Long-term population dynamics and in situ physiology in activated sludge systems with enhanced biological phosphorus removal operated with and without nitrogen removal

Natuschka Lee, Per H. Nielsen, Henrik Aspegren, Mogens Henze, Karl Heinz Schleifer, Jes La Cour Jansen

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Quantitative fluorescence in situ hybridization (FISH) and the combination of FISH with microautoradiography (MAR) were used in order to study the long-term population dynamics (2.5 years) and the in situ physiology in two parallel activated sludge pilot systems with enhanced biological phosphorus removal (EBPR). The two systems received the same influent wastewater, but were differently operated (with and without nitrogen removal, respectively). Both systems showed a significant P removal that increased when different substrates (phosphorus (P), acetate and glucose, respectively) were added to the influent wastewater. Rhodocyclus-related bacteria were present in both systems in significant numbers (ranging from 4 to 28%) throughout the whole period. This supports the hypothesis that these bacteria occur in significant numbers in different types of well-operating EBPR activated sludge processes. However, we observed a lower correlation (<0.5) for the amount of Rhodocyclus-related bacteria to the P content in activated sludge than previous studies (>0.9). The Actinobacteria were the only additional group of bacteria which showed a similar degree of correlation to the P content in activated sludge as the Rhodocyclus-related bacteria - but only for the system without nitrogen removal. Significant amounts (≤ 12%) of glycogen-accumulating bacteria (GAOs) were detected in the system with nitrogen removal (but not in the other system), but had no, in contrast to previous observations, apparent negative effect on the overall EBPR performance. FISH-MAR indicated that a significant part of the Betaproteobacteria (part of them identified as Rhodocyclus-related bacteria) as well as the Actinobacteria were able to take up 33Pi, [3H]-acetate and [3H]-glucose under anaerobic-aerobic conditions. The contribution of anoxic 33Pi uptake under alternating anaerobic-anoxic conditions was significantly lower. Interestingly, not all Rhodocyclus-related bacteria showed uptake of these three radioactive substrates. This may be due to differences in metabolic state, physiological potential or genotype, not detectable by the present probe set for Rhodocyclus-related bacteria. Comparison of the 33Pi, [3H]-acetate and [3H]-glucose uptake by activated sludge after different fixation and incubation procedures showed that a part of the observed 33Pi uptake may have been caused by a combination of a biological and chemical or biologically induced chemical P adsorption.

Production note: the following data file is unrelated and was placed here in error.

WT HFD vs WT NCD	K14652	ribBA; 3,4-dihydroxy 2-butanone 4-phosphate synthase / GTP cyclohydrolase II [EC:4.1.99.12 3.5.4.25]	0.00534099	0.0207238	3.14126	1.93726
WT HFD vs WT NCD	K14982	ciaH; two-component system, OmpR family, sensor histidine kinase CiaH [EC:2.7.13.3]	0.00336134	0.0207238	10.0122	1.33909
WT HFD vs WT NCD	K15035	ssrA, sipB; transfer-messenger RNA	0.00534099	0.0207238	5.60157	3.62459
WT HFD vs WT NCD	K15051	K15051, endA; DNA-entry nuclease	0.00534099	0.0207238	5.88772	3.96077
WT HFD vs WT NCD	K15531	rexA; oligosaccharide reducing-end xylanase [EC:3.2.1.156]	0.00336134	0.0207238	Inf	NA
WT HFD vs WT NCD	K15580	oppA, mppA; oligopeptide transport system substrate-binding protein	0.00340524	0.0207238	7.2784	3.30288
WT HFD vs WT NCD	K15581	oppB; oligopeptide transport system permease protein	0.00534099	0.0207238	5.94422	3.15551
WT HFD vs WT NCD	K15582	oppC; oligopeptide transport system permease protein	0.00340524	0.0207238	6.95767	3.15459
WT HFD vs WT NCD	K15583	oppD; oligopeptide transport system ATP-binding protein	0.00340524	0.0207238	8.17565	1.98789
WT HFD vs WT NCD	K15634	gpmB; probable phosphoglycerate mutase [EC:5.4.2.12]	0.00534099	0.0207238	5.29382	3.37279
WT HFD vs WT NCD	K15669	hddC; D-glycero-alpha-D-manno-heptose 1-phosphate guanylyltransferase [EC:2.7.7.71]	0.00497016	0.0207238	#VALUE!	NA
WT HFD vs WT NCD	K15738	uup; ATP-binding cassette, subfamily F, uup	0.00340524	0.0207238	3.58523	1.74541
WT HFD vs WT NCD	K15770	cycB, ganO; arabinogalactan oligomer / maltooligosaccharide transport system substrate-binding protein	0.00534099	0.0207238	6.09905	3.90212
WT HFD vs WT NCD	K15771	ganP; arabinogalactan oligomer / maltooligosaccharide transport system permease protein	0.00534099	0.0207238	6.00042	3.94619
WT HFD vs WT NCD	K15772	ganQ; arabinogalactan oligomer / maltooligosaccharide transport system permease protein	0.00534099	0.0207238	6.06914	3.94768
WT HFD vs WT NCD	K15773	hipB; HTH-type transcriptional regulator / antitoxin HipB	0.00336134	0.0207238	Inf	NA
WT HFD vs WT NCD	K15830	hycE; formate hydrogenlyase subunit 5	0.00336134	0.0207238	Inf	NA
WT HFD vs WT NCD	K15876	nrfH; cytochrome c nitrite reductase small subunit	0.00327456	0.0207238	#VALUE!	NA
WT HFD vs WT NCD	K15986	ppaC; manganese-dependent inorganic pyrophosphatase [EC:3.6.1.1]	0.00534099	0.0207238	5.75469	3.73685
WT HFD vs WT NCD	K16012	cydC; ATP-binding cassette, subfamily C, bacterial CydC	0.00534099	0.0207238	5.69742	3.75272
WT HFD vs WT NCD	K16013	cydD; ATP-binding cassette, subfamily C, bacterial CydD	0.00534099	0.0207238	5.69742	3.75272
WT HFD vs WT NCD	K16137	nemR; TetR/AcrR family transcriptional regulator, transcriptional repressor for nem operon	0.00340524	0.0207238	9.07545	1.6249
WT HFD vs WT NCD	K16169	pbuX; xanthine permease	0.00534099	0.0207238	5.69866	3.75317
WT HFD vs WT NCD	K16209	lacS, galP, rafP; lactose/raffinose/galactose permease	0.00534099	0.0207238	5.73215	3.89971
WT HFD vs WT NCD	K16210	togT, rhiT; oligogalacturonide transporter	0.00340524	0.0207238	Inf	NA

Original languageEnglish
Pages (from-to)211-227
Number of pages17
JournalSystematic and Applied Microbiology
Issue number2
StatePublished - Jun 2003


  • Accumlating organisms (PAOs)
  • Actinobacteria
  • Activated sludge
  • Fluorescence in situ hybridization (FISH)
  • Glycogen-accumulating organisms (GAOs)
  • Microautoradiography (MAR)
  • Phosphorus
  • Phosphorus and nitrogen removal
  • Rhodocyclus (Accumulibacter)


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